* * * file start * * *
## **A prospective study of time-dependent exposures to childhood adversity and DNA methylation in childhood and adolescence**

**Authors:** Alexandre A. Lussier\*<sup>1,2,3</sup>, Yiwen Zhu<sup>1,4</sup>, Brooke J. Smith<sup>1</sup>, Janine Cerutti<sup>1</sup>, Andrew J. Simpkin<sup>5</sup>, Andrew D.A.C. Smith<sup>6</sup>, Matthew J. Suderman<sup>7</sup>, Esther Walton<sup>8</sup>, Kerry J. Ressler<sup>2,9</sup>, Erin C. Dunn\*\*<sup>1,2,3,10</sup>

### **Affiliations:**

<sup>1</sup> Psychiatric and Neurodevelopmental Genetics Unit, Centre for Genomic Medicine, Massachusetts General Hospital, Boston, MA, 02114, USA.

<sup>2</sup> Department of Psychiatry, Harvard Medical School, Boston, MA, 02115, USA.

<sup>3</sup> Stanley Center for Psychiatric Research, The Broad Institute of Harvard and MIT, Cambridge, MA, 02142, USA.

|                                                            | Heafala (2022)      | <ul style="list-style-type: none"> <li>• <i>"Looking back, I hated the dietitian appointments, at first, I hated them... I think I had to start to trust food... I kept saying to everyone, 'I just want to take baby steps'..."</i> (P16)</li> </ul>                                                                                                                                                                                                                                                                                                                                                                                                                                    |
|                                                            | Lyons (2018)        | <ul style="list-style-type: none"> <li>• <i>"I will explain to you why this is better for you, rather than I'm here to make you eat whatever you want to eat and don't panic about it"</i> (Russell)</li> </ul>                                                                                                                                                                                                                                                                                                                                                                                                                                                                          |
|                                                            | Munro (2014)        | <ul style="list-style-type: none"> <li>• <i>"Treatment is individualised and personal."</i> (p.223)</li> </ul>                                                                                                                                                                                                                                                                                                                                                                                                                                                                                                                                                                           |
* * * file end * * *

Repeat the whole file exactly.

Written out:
## **A prospective study of time-dependent exposures to childhood adversity and DNA methylation in childhood and adolescence**

**Authors:** Alexandre A. Lussier\*<sup>1,2,3</sup>, Yiwen Zhu<sup>1,4</sup>, Brooke J. Smith<sup>1</sup>, Janine Cerutti<sup>1</sup>, Andrew J. Simpkin<sup>5</sup>, Andrew D.A.C. Smith<sup>6</sup>, Matthew J. Suderman<sup>7</sup>, Esther Walton<sup>8</sup>, Kerry J. Ressler<sup>2,9</sup>, Erin C. Dunn\*\*<sup>1,2,3,10</sup>

### **Affiliations:**

<sup>1</sup> Psychiatric and Neurodevelopmental Genetics Unit, Centre for Genomic Medicine, Massachusetts General Hospital, Boston, MA, 02114, USA.

<sup>2</sup> Department of Psychiatry, Harvard Medical School, Boston, MA, 02115, USA.

<sup>3</sup> Stanley Center for Psychiatric Research, The Broad Institute of Harvard and MIT, Cambridge, MA, 02142, USA.

|                                                            | Heafala (2022)      | <ul style="list-style-type: none"> <li>• <i>"Looking back, I hated the dietitian appointments, at first, I hated them... I think I had to start to trust food... I kept saying to everyone, 'I just want to take baby steps'..."</i> (P16)</li> </ul>                                                                                                                                                                                                                                                                                                                                                                                                                                    |
|                                                            | Lyons (2018)        | <ul style="list-style-type: none"> <li>• <i>"I will explain to you why this is better for you, rather than I'm here to make you eat whatever you want to eat and don't panic about it"</i> (Russell)</li> </ul>                                                                                                                                                                                                                                                                                                                                                                                                                                                                          |
|                                                            | Munro (2014)        | <ul style="list-style-type: none"> <li>• <i>"Treatment is individualised and personal."</i> (p.223)</li> </ul>                                                                                                                                                                                                                                                                                                                                                                                                                                                                                                                                                                           |